Tens of thousands of Iraqis rallied in central Baghdad on Friday calling for the expulsion of U.S. troops, but the protest mostly dissipated after a few hours despite a cleric's call for a "million strong" turnout.
Followers of Shi'ite cleric Muqtada al-Sadr gather in Baghdad, Iraq, January 24, 2020. (Photo: CGTN)
Cleric Moqtada al-Sadr convened the march after the U.S. killing of an Iranian general and an Iraqi paramilitary chief in Baghdad this month.
Throngs started gathering early on Friday at al-Hurriya Square near Baghdad's main university.
The protests have shattered nearly two years of relative calm following the 2017 defeat of Islamic State and threaten to send the country back into major civil strife.
The country has seen protests since October against a corrupt ruling elite, including Iran-backed politicians.
Washington's killing this month of Iranian military commander Qasem Soleimani added a new dimension to the crisis.
Sadr opposes all foreign interference in Iraq but has recently aligned himself more closely with Iran.
He supported anti-government protests when they began in October, but did not publicly urge his followers to join them.
Parliament urged the government to eject U.S. troops after the killing of Soleimani, but Sunni and Kurdish politicians boycotted the session, the first time lawmakers have voted along ethnic and sectarian lines since the defeat of ISIL militants.
Sunnis and Kurds generally oppose the withdrawal of U.S. troops, seeing them as crucial in fighting ISIL remnants and a buffer against the dominance of Iran.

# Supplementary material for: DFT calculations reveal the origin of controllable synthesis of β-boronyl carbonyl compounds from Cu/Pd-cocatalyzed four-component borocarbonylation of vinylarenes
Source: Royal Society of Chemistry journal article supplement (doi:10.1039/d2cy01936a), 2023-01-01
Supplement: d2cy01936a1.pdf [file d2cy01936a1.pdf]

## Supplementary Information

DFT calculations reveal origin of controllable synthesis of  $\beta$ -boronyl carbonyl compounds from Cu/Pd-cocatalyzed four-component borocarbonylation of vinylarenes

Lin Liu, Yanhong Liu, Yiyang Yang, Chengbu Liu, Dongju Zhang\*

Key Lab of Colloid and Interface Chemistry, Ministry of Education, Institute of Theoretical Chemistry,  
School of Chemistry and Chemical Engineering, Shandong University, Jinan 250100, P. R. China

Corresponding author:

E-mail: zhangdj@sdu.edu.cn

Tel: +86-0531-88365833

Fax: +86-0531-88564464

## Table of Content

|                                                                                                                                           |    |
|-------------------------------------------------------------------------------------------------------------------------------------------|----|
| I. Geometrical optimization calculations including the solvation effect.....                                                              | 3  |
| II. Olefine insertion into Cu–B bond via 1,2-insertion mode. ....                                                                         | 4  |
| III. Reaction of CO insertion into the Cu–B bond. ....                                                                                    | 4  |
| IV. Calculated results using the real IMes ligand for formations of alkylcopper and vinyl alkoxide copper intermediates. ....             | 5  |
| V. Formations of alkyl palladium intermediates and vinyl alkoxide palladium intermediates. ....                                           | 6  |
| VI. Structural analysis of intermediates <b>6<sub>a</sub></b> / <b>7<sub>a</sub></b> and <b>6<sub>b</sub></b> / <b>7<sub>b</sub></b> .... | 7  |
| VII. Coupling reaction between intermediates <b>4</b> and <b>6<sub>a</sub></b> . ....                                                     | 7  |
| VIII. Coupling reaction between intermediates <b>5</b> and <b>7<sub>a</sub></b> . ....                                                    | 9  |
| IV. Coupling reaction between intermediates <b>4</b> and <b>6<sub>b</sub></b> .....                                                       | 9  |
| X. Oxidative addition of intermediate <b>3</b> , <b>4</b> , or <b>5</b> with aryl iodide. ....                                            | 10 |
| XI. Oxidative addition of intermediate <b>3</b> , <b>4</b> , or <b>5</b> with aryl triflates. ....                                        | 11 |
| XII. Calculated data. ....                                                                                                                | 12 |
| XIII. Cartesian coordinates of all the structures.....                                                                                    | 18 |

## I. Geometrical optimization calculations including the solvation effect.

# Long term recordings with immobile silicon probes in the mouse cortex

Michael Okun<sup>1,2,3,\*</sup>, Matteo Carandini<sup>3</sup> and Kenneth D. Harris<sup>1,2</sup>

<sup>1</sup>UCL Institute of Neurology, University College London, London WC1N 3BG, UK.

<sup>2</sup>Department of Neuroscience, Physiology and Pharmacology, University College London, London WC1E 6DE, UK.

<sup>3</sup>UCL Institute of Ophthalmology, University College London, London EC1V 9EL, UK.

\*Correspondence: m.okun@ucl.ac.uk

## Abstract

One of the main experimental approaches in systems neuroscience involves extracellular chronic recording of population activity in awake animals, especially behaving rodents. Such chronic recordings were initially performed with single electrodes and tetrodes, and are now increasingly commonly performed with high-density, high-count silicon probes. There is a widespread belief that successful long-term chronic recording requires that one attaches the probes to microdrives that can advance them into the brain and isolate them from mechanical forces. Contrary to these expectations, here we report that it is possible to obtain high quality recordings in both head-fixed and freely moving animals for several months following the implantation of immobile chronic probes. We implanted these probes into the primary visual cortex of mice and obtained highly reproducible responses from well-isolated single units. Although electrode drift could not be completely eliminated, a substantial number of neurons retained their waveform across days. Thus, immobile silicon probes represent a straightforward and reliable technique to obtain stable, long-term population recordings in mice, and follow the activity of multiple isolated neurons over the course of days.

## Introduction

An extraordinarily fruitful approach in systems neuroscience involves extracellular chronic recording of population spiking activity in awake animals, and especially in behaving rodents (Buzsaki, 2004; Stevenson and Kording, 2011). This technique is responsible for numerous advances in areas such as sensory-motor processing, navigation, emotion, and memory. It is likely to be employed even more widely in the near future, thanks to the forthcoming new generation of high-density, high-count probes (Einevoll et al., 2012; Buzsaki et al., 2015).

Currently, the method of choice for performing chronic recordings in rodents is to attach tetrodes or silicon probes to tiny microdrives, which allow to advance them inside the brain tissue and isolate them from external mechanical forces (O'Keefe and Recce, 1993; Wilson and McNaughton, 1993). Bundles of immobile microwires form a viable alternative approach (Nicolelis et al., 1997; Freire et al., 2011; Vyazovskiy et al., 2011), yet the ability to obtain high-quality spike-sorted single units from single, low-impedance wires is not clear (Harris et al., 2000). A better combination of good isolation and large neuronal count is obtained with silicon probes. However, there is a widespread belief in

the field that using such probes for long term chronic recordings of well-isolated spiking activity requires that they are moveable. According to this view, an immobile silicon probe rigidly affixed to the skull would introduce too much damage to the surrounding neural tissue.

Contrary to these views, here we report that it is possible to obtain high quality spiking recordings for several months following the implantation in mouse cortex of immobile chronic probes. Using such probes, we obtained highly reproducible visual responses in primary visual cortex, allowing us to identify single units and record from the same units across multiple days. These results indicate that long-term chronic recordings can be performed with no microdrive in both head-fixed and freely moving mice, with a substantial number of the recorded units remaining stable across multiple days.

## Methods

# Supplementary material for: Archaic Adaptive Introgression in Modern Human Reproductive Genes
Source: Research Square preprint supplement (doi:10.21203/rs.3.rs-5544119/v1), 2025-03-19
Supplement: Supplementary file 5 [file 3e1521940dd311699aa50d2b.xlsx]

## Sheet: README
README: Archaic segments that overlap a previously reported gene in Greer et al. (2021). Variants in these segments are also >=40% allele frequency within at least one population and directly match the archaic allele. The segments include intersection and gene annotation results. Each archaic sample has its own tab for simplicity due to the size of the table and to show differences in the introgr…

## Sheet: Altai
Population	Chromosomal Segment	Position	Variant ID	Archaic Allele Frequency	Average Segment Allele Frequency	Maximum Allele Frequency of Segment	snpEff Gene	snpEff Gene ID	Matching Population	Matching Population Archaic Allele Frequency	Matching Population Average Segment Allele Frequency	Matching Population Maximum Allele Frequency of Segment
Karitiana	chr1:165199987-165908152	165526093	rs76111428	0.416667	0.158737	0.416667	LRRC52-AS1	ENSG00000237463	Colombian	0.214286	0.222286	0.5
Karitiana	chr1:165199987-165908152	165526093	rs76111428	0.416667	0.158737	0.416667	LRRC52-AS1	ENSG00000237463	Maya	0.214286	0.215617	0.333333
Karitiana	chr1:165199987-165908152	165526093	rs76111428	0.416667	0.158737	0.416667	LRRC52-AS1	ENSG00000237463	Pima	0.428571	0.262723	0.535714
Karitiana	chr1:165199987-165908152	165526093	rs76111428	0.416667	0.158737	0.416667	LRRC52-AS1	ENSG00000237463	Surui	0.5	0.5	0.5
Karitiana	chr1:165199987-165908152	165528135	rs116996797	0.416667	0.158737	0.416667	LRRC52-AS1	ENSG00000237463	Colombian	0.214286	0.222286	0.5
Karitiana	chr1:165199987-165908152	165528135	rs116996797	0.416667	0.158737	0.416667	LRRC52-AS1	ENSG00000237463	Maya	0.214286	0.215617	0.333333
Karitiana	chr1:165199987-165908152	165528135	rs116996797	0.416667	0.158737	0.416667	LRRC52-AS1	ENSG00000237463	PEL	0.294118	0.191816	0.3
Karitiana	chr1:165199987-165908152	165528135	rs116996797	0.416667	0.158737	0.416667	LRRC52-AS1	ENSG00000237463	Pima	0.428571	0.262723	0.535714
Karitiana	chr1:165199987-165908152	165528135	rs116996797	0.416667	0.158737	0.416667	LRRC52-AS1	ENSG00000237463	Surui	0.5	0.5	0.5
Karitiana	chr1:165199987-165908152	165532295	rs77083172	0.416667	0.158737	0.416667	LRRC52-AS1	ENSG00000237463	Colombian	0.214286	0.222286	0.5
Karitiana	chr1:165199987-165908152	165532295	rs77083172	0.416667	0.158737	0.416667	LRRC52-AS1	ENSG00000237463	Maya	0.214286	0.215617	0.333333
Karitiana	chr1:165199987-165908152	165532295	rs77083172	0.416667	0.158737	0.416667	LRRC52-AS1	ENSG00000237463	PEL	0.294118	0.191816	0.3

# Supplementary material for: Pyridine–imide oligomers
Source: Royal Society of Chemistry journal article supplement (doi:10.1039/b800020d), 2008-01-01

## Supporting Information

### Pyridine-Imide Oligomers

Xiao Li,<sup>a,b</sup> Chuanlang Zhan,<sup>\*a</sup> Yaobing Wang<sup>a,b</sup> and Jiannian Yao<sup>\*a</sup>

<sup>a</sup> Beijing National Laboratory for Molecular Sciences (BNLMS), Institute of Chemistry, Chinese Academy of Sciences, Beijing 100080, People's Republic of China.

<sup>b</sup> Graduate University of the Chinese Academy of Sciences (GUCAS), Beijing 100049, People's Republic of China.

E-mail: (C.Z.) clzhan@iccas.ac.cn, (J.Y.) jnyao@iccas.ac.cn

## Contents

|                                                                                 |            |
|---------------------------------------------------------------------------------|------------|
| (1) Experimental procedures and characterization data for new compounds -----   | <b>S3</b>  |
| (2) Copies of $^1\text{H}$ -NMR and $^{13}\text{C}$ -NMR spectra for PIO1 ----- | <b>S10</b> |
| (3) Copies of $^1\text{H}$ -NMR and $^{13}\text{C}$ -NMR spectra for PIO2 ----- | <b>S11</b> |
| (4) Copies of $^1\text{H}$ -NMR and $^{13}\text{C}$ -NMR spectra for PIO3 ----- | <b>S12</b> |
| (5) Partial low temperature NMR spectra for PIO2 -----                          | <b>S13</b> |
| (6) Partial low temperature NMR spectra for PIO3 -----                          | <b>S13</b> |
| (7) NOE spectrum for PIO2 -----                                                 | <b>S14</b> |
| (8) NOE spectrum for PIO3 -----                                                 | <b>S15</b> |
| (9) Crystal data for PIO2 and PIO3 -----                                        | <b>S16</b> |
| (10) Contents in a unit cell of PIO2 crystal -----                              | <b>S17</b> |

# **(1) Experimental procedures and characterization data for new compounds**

'Iraq's sovereignty must be respected'
U.S.-Iran tension playing out on Iraqi soil has further fractured Iraqi politics and distracted leaders from forming a new government.
Iraq's top Shi'ite Muslim cleric, Grand Ayatollah Ali al-Sistani, called in his weekly sermon for political groups to form a government as soon as possible to bring stability to the country and enact reforms to improve Iraqis' lives.
"Iraq's sovereignty must be respected ... and citizens should have the right to peaceful protest," said the cleric, who comments on politics only in times of crisis and wields great influence over Iraq's Shi'ite majority.
Iraqi President Barham Salih posted a photo of Friday's march on Twitter and wrote that Iraqis deserved a "fully sovereign state that serves its people."
Anti-American marchers on Friday wore Iraqi flags and symbolic white robes indicating they were willing to die for Iraq while others sat looking out over the square from half-finished buildings, holding signs reading "No America, no Israel, no colonialists."
The march did not head as initially feared towards the U.S. embassy. Outside embassy in Baghdad's fortified Green Zone, a sign read "Warning. Do not cross this barrier, we will use pre-emptive measures against any attempt to cross."